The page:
On this Sunday afternoon, take an hour or so and give one of these a try. It is a good practice to hone your skills as a writer on something other than your masterpiece. Why? For the same reason professional athletes cross-train. Running, weight-training, stretching, yoga – it all leads to a stronger body and mind.
Writing is no different.
Read every genre, write poetry, practice outlining a mystery, give a picture book a try. Warm up with these exercises and then turn toward your current work. Ask yourself: Can I bring anything new to my story? How did these exercises help me discover my writing voice? Are the results of the exercises worth exploring further?
- In Writing Exercises Vol. 2, you printed a few pages of your most recent work to focus on how you begin each sentence. With those newly printed pages, put a box around the verbs (action and linking). How many weak (linking) verbs do you have? Play around with stronger verbs and see if it enhances the visual effect of the story.
For example: John walked into the room holding a gun. I have your attention with the word ‘gun’, right?
Now try: John stormed the room, eyes wild, his hand trembling as a gun slipped from his sweaty palm. Very different. The action is generally the same: John enters a room. With the second sentence, John is unsure and in way over his head. Stormed vs. Walked.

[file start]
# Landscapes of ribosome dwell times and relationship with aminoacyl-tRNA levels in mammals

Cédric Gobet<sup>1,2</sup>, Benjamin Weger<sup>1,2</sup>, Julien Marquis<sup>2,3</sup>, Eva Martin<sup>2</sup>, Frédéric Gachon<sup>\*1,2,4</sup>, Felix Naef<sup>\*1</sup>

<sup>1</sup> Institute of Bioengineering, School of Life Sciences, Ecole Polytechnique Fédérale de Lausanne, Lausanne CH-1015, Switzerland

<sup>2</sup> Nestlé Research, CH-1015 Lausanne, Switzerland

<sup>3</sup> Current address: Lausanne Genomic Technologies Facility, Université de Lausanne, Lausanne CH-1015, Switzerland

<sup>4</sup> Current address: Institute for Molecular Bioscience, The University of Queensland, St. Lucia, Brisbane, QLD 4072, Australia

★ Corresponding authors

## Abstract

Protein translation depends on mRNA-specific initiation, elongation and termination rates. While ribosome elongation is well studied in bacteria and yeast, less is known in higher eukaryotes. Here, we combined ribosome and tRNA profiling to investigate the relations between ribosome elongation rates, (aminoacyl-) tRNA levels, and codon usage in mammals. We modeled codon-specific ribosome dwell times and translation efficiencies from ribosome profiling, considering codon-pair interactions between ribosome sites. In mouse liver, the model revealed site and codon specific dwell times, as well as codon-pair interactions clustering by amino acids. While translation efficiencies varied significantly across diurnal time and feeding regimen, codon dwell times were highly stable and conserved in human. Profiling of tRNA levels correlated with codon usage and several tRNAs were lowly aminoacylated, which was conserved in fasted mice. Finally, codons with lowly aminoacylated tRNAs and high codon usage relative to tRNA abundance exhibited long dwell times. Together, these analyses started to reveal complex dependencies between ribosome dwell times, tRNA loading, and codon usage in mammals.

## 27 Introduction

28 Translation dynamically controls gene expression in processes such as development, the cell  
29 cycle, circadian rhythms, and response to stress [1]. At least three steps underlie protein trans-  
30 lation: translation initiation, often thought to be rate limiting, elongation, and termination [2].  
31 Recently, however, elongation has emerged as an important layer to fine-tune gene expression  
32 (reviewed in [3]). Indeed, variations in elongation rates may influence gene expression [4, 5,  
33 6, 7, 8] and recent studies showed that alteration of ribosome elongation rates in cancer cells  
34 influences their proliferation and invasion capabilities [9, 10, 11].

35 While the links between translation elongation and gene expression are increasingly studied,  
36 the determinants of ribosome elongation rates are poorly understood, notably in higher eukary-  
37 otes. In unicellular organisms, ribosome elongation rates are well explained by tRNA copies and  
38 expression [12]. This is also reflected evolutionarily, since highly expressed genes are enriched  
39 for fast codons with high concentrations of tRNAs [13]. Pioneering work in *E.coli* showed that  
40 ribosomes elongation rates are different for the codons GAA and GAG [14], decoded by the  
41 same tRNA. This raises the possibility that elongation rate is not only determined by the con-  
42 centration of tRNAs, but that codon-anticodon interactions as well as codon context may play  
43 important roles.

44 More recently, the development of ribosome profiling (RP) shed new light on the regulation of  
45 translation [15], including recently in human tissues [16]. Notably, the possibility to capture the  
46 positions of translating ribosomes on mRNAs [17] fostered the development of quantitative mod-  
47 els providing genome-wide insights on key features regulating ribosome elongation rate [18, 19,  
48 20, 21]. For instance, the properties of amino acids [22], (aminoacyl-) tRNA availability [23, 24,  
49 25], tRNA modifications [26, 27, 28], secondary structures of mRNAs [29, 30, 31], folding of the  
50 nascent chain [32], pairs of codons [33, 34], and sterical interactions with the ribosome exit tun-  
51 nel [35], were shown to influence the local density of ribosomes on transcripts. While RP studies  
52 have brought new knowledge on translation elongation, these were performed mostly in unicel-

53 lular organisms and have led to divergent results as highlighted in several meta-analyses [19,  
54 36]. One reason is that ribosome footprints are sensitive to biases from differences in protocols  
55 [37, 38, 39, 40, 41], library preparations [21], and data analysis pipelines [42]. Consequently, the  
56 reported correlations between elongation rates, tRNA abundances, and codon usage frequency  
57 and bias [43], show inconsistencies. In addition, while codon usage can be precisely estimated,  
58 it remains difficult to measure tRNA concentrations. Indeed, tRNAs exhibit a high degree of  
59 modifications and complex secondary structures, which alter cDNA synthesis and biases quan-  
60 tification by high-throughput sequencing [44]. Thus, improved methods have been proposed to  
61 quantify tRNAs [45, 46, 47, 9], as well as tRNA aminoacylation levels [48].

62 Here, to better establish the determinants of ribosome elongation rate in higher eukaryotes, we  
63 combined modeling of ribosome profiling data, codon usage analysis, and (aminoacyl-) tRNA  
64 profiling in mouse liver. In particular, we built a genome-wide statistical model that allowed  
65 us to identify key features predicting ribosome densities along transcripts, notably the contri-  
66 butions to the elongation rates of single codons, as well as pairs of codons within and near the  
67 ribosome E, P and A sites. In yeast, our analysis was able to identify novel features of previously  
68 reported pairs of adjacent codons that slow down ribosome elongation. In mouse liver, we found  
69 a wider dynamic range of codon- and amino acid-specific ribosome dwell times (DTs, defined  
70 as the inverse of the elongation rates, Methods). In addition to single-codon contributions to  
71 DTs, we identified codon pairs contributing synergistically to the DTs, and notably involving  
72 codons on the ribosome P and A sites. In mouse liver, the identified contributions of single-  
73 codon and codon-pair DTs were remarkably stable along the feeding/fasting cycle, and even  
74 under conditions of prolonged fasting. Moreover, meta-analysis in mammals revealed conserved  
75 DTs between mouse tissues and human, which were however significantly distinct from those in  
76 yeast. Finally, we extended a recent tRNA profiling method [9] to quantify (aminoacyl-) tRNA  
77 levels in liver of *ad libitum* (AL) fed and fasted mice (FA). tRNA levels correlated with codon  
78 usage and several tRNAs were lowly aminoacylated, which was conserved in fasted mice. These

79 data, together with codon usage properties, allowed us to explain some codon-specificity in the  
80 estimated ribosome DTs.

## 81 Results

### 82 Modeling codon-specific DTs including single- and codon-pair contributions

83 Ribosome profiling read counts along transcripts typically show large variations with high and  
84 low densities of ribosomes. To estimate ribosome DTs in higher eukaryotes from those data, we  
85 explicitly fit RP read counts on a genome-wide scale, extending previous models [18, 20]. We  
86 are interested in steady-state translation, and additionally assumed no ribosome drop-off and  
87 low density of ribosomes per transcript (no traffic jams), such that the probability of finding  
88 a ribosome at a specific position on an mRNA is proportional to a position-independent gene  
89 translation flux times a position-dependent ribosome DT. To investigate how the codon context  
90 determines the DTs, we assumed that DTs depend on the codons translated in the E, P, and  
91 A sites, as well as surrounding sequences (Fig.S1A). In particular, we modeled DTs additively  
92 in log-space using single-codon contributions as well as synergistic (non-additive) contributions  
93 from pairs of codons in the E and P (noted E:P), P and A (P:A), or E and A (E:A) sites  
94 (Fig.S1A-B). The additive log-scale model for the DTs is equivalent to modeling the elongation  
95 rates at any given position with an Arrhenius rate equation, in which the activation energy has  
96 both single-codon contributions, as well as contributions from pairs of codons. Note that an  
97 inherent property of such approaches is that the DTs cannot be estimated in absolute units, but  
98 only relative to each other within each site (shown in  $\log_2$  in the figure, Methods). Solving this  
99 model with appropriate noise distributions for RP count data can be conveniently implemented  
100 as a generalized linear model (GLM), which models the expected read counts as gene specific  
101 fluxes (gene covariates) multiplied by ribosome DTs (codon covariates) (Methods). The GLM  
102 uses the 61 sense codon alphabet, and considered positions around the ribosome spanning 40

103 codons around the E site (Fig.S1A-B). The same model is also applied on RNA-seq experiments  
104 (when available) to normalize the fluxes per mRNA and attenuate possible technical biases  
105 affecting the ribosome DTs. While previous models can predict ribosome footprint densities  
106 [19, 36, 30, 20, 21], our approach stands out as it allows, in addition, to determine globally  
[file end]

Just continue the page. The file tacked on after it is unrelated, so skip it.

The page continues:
How about this: John kicked the door open and aimed the gun at Stewart. “I never miss,” he said. Totally different John.
I don’t normally write about men storming rooms with guns…kinda fun. Stories I read to my son are more about trucks with spinning wheels and little bunnies saying goodnight to everything in the room. Which leads to the next exercise…
- Go to the library and ask for a popular children’s picture book. Copy (by hand or on your computer) all the text. Note how the illustrations break the story apart. Do the same with your work, using illustrations or chapter breaks. How does that change your story?
My son recommends Good Night, Good Night Construction Site by Sherri Duskey Rinker. I love the rhymes, but it’s the illustrations that seal this book as a family favorite. With over 1,000 5-star reviews on Amazon, I’m not alone! Check it out – you’ll never look at construction vehicles the same way again.
3. Read the book that was on the New York Times Best-Seller list the day you were born. Search “New York Times Best Sellers” and “the year you were born”.
Write about the book – different than you normally read? What did you like and dislike about the book? Will you read more by this author? Leave a review on Goodreads, Shelfari, Amazon, and the like. Don’t forget to make mention of reading this book in your writer’s journal. A well-documented list of what you’ve read will be invaluable.
In the year and month I was born, JONATHAN LIVINGSTON SEAGULL, by Richard Bach was #1. Time to search the library shelves!
May your writing time be filled with lovely music in a quiet atmosphere with rich dark chocolate and strong coffee nearby. Peace!